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keobooks's avatar

Why does a bowl of cereal screw with your blood sugar when you are diabetic?

Asked by keobooks (14310points) August 1st, 2010

I have gestational diabetes. I’m doing fine with everything except breakfast. It’s rough. First they cut off my fruit supply and then it seems that everything remotely breakfast like is off limits—except eggs. And I’m not a huge egg fan.

I look at the carb exchanges for a serving of milk and a serving of a certain dry cereal—it fits what I’m allowed to have for breakfast. Yet if I eat cereal and milk, my blood sugar is through the roof.

I asked my dietitian what was up and she said “Oh all you pregnant ladies can’t handle your cereal. I don’t know why.”

That wasn’t quite the answer I was looking for. Anyone actually have a theory about why milk and cereal is so terrible?

The cereal in question is Special K by the way. It’s the lowest carb exchange I could find without actually being twigs.

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10 Answers

Rarebear's avatar

Your body metabolizes the carbohydrate load very quickly causing a glucose spike. Congratulations on the pregnancy, by the way!

YARNLADY's avatar

If you have any questions after you have talked to your dietitian, you should get her to explain in understandable terms exactly what is the issue. My dietitian explains each and every suggestion in full, until I feel like I’m being treated like an idiot, but I never wonder why she has made the suggestion.

Use the services you are paying for – from a professional. I have never encountered the restrictions you have discussed, but each person has different needs. My insurance provider has free classes to help us understand nutrition and exercise. Maybe you could ask your doctor if there is anything like that for you.

Buttonstc's avatar

What Rarebear said is correct.

But to elaborate further, it’s not a bowl of cereal per se. It’s the TYPE of cereal. Namely, processed cereal or other processed foods and simple carbohydrates. They are a half step away from sugar.

On the link below, it’s ex
explained more in detail. You basically want to substitute foods with a LOW Glycemic index. Typically, whole grains and minimally processed.

Off the top of my head, two examples would be oatmeal and nuts. But there are lists of High, Medium and Low GI foods.

The more that you can substitute foods from the Low category for your previous choices in the High category, the more stable will be your blood sugar levels.

To put it in simpler terms, the closer your choices mirror the food items which would have been available to your Great-Grandparents, (or Grandparents, depending upon ypur age) the less likely the problems you’ll have.

That would eliminate things like Special K which basically (because it is so heavily processed) sound a whole lot healthier than they are in reality.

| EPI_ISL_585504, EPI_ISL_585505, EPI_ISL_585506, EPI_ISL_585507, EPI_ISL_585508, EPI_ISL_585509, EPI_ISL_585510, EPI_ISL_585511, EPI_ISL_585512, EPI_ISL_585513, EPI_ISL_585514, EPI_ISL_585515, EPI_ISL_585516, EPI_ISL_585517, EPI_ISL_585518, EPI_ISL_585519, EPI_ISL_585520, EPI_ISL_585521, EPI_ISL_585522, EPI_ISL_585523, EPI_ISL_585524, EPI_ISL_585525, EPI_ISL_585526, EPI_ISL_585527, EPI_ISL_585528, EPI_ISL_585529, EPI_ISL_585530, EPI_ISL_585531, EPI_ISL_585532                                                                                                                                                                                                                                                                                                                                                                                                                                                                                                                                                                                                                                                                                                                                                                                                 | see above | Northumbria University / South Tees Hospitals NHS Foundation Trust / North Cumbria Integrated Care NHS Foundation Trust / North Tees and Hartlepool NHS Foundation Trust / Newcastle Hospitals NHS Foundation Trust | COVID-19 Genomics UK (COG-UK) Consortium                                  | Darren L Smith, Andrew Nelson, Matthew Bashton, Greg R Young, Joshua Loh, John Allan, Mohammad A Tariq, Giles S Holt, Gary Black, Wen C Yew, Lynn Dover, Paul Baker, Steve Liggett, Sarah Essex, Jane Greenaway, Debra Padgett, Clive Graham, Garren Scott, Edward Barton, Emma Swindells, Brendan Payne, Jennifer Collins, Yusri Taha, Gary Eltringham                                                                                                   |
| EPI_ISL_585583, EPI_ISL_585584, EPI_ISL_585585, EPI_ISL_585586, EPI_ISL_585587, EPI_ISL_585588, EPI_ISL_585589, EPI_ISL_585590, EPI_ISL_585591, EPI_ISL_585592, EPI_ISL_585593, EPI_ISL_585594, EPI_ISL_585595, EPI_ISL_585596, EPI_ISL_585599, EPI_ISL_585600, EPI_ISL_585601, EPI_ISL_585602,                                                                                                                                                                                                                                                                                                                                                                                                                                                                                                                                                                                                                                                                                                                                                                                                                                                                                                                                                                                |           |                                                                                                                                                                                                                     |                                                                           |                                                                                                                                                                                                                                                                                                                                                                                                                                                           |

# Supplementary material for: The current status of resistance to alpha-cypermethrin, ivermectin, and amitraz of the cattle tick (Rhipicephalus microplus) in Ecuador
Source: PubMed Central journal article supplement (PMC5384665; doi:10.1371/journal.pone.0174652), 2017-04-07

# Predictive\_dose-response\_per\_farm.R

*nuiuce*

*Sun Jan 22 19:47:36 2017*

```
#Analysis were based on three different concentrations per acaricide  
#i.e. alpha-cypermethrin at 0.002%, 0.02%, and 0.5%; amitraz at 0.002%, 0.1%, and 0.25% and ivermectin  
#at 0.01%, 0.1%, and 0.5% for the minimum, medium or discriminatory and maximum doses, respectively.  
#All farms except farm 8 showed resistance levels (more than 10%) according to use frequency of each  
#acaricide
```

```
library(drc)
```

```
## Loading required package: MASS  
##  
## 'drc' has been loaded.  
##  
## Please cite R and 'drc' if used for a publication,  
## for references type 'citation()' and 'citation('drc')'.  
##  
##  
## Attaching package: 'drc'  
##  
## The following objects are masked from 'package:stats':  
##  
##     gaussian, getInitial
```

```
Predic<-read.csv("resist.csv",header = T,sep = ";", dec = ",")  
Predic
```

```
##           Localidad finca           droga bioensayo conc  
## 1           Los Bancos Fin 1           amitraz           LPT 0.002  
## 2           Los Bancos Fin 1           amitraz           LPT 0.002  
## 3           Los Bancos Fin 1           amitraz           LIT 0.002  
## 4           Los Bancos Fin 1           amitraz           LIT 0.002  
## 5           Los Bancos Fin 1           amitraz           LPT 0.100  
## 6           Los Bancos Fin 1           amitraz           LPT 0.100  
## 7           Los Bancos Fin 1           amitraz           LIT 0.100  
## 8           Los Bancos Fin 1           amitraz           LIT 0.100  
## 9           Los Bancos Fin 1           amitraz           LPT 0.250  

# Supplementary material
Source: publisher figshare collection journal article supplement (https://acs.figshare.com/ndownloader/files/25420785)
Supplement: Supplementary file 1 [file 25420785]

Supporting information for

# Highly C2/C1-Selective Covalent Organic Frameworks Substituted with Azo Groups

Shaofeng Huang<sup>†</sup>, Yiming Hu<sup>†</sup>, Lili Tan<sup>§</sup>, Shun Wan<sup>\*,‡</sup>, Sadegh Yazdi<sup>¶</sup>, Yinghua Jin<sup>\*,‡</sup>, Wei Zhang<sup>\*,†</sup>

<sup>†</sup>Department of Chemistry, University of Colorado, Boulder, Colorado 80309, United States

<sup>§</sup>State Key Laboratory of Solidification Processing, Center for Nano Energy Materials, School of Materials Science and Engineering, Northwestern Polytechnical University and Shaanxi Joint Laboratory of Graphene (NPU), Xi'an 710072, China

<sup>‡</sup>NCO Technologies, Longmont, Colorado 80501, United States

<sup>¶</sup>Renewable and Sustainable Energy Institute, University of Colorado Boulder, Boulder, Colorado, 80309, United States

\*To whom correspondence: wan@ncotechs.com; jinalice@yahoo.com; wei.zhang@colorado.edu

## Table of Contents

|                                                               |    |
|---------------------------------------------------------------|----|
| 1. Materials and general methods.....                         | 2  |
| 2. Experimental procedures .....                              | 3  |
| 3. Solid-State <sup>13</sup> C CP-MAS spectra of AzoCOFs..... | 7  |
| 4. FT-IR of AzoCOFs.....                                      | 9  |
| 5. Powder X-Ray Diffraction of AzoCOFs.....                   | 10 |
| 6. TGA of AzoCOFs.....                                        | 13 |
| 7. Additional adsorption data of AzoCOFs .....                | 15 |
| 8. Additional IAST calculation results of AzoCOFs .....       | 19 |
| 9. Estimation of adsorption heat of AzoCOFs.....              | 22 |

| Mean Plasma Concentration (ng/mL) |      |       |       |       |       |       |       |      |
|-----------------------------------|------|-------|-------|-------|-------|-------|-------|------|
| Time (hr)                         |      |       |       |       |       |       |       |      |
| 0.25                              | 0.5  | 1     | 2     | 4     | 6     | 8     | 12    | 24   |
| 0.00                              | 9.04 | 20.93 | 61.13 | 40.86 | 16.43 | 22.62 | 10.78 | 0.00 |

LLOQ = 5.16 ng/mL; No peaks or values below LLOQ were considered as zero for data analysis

lucillelucillelucille's avatar

See @Buttonstc‘s answer.It’s about the glycemic index.I usually have oatmeal every morning and not processed cereals for that reason.Exercise also has a huge effect on what your blood sugar levels will be.
For example,if I eat a bowl of oatmeal and go for a bike ride,all is well.If I eat the oatmeal and sit on my butt,my sugars will be higher.If I eat Capn’ Crunch,I’ll feel lousy unless i am going to do an activity where I can burn it off quickly and do the insulin to cover it
I look at it as putting fuel in a car and that it’s better to put the right kind in for the best results…not that I’ve never snorked down a chunk of chocolate cake for b-fast,but that rarely happens because I don’t want to take the extra insulin to cover the carbs and gain weight.
Congratulations on yoiur pregnancy:)

marinelife's avatar

It is because there is not enough protein to balance the carbs. I have good luck with Nature’s Path Flax Plus Multibran cereal.

It is very low in sugar, high in fiber, and it has some protein in it.

bea2345's avatar

Congratulations on the pregnancy. Diabetes is essentially an illness whose chief symptom is an inability to process sugars properly. In digestion, most of the food is converted to sugars. Breakfast cereals tend to be high in simple carbohydrates which are easily converted to sugar. They are really not a good idea unless, 1. you eat them in moderation; and 2. you have something else with the meal, like an egg, or some milk, fish or meat – some kind of protein. —-The only cereal I have been able to eat for some years is rolled oats, and no more than an ounce at a time.—

espearite's avatar

Regular milk also contains sugar. Ask your doctor if trying unsweetened, organic almond milk is okay.

veritas's avatar

Check out his link for some examples of cereal with a lower glycemic

Also consider a whole grain such as cooked barley – you could prepare it as a vegetable barley soup that would be suitable to eat at any time…barley is nutritious and filling

Mr_Grimm's avatar

Also pay attention to the serving size. Many people look at the calories and fat etc. They think oh thats not bad… When in reality if the serving size is ¾ cup… and theres 120 calories… and you had 4 cups… then you do the math… its the same with everything on the label. Sugar, fat, etc.

Ettina's avatar

Most grains are very simple carbohydrates and easy for the body to break down, so they hit your bloodstream all at once a short while after you eat. To make it worse, many brands of cereal are sweetened, so that it’s practically like having candy for breakfast.

Do you like bacon? Meat products tend not to spike blood sugar that much.

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